Unilateralism And Preemptive Defense Term Paper

Length: 4 pages Subject: Terrorism Type: Term Paper Paper: #60865592 Related Topics: North Korea, Postmodernism, Documentary Film, Israeli Palestinian Conflict
Excerpt from Term Paper :

Unilateralism and Preemptive Defense

The arguments for unilateralism and preemptive strikes outlined by conservative historians appear logical and well-documented but are essentially wrought with contradiction. In his recent documentary film called Bowling for Columbine, Michael Moore delivered the premise that American culture is built on the promotion of fear. Fear underlies American foreign policy, especially after the terrorist attacks of September 11. In fact, those attacks offered the Bush administration easy fodder for propaganda to promote unilateralism and preemptive strikes on other nations. In spite of the huge practical leap from Bin Laden to Iraq, the administration launched its attacks on that nation with impunity and in spite of massive international opposition. The willingness of the American government to act without the slightest respect for the United Nations proves that America as a whole is under the spell of a cultural superiority complex. This complex is not only psychologically dangerous, potentially racially motivated: it also points to lethal consequences. The development and eventual deployment of sophisticated weapons of mass destruction remains relatively unchallenged; those who dare to oppose the American military risk being labeled as a traitor to the nation and a promoter of terrorist ideals. Moreover, propagating America's nuclear arsenal shows that the Bush administration's policies are hypocritical and based on the belief that Western European civilization is inherently superior to any other culture on earth.

Concurrent with the doctrine of fear, the cultural superiority complex from which Americans suffer causes us to imagine that terrorism is a massive display of envy. Amazingly arrogant, this assumption poisons the minds of American citizens even further. While it is genuinely possible and perhaps totally true that the disenfranchised people of the world do harbor resentments based on envy, envy alone cannot account for terrorist...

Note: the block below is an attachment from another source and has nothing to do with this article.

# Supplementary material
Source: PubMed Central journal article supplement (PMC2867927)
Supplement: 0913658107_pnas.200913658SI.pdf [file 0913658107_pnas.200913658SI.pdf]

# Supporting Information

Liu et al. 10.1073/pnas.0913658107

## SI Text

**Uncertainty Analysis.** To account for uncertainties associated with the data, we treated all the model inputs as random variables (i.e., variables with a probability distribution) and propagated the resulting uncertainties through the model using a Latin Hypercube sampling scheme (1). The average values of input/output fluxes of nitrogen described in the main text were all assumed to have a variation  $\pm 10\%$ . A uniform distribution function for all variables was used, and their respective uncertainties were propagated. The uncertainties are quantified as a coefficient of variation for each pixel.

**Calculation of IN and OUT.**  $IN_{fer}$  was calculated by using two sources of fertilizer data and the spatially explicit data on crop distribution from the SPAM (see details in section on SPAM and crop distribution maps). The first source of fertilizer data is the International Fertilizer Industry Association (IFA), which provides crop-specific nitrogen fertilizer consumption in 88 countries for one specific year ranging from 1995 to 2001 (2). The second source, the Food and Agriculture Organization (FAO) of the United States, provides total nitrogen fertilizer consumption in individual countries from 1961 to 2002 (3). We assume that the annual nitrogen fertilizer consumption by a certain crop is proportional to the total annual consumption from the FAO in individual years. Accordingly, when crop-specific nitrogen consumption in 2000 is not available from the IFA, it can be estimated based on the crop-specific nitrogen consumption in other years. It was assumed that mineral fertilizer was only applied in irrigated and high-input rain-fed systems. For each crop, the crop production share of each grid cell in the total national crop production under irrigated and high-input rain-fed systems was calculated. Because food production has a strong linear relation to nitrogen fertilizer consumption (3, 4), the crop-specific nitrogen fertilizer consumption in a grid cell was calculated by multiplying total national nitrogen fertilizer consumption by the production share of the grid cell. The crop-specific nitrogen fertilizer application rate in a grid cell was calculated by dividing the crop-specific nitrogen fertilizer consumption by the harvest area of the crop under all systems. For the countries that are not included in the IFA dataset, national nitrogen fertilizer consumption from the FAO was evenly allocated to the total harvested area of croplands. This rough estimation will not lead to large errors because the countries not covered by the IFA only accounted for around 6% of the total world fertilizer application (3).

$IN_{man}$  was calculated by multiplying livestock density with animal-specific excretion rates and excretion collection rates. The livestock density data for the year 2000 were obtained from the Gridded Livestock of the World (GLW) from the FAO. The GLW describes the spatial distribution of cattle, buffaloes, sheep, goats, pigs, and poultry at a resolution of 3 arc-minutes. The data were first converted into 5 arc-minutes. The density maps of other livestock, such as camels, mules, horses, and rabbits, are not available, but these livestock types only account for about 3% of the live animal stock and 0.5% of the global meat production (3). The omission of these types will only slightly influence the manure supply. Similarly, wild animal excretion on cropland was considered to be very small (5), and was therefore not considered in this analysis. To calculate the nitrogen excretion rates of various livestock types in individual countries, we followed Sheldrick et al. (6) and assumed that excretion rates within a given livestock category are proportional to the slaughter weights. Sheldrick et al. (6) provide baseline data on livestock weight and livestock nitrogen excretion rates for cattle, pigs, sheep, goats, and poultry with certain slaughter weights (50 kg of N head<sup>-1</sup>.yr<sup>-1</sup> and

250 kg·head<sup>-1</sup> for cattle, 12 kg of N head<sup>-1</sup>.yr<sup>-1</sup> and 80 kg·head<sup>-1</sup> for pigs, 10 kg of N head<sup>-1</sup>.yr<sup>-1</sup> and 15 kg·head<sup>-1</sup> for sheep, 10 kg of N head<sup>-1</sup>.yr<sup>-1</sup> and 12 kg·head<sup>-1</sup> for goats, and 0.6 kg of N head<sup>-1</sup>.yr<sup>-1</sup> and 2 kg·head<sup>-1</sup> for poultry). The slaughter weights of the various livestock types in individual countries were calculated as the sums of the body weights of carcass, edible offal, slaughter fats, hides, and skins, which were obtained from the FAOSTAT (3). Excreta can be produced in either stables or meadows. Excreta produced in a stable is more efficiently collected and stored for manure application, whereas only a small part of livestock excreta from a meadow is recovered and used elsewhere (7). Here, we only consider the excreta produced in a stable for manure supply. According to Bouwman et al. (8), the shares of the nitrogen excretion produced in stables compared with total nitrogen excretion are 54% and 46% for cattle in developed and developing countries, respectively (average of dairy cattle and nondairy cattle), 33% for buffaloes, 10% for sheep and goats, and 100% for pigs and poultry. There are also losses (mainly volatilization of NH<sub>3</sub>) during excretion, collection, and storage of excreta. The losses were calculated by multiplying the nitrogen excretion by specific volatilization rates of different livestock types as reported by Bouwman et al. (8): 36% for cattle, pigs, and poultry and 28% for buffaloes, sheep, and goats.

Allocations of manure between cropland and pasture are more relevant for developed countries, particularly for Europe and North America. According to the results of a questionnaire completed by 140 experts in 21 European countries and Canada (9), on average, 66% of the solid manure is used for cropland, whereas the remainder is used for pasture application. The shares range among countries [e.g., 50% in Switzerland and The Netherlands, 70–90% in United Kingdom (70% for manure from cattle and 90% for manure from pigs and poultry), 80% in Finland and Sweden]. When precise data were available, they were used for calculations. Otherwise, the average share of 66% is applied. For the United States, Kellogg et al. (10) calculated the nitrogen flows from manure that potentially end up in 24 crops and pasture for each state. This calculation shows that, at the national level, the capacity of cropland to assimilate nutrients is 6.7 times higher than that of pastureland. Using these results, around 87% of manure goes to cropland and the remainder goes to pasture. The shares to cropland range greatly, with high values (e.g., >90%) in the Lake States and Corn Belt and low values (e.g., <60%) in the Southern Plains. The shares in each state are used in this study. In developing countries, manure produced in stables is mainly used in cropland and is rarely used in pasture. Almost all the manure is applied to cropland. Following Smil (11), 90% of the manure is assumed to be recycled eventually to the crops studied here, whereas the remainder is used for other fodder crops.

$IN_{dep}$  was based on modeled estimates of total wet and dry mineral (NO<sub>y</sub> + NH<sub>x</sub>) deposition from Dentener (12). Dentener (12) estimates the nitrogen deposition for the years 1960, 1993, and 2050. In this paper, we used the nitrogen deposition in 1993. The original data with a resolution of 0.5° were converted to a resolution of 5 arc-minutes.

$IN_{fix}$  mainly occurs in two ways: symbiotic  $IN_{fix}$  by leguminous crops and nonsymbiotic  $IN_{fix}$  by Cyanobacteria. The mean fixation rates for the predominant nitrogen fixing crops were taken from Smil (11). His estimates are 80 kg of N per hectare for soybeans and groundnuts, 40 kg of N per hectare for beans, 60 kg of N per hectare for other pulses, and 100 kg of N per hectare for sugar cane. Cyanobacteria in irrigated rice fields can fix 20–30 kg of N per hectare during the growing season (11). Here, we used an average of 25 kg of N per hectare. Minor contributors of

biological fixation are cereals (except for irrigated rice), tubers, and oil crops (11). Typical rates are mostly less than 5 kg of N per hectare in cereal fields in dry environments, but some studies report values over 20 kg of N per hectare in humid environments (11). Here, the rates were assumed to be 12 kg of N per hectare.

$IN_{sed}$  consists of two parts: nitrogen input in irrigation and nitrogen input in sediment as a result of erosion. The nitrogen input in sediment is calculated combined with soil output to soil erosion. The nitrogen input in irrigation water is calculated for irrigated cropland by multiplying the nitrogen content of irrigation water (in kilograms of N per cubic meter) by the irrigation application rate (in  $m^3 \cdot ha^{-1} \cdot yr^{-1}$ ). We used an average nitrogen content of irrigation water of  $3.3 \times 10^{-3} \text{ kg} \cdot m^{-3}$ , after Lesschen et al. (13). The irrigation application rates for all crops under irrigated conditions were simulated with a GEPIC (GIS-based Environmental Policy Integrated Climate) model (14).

Even if envy were the primary motivator for terrorists, preemptive striking does nothing to curb the current wave of violence. America practices unilateral preemptive strikes for the same reasons schoolyard bullies take the first punch: because they can. Preemptive striking is the mark of bravado, an unquestionable assertion of dominance on a global scale. To react without a brash and irrational display of military force would seem weak in the eyes of most Americans who support Bush.

In his article "The Longest War," Victor David Hansen states, "Multiculturalism, conflict-resolution theory, postmodernism, pacifism, and a host of other new isms and ologies all sought to achieve a kinder world where equality of results would be enforced rather than equality of opportunity ensured, where injustice, disagreement, and thus war itself could somehow disappear." He also declares that history clearly teaches that war is not only inevitable but in fact necessary "to ensure that thousands now and millions later will not grow up to be murdered under terror and fascism." On the outset, Hansen's argument is plausible: for example, Hitler had to be stopped and to stop him required the use of force. However, such analogies do not apply to the current situation for one main reason: the United States does not invade other nations out of altruism or a concern for the well-being of future generations. The United States, as it has shown by its record in Central and South America, supports brutal dictatorships over benevolent socialism for economic and political gains. The United States has also ignored incredible social injustice the likes of Pol Pot, thus proving that preemptive striking is not really carried out to make the world a better, safer place. There is every reason to believe that Saddam Hussain will not be replaced by a functioning democracy. By its very nature, democracy cannot be imposed on a people, but rather it arises out of the collective agreement…

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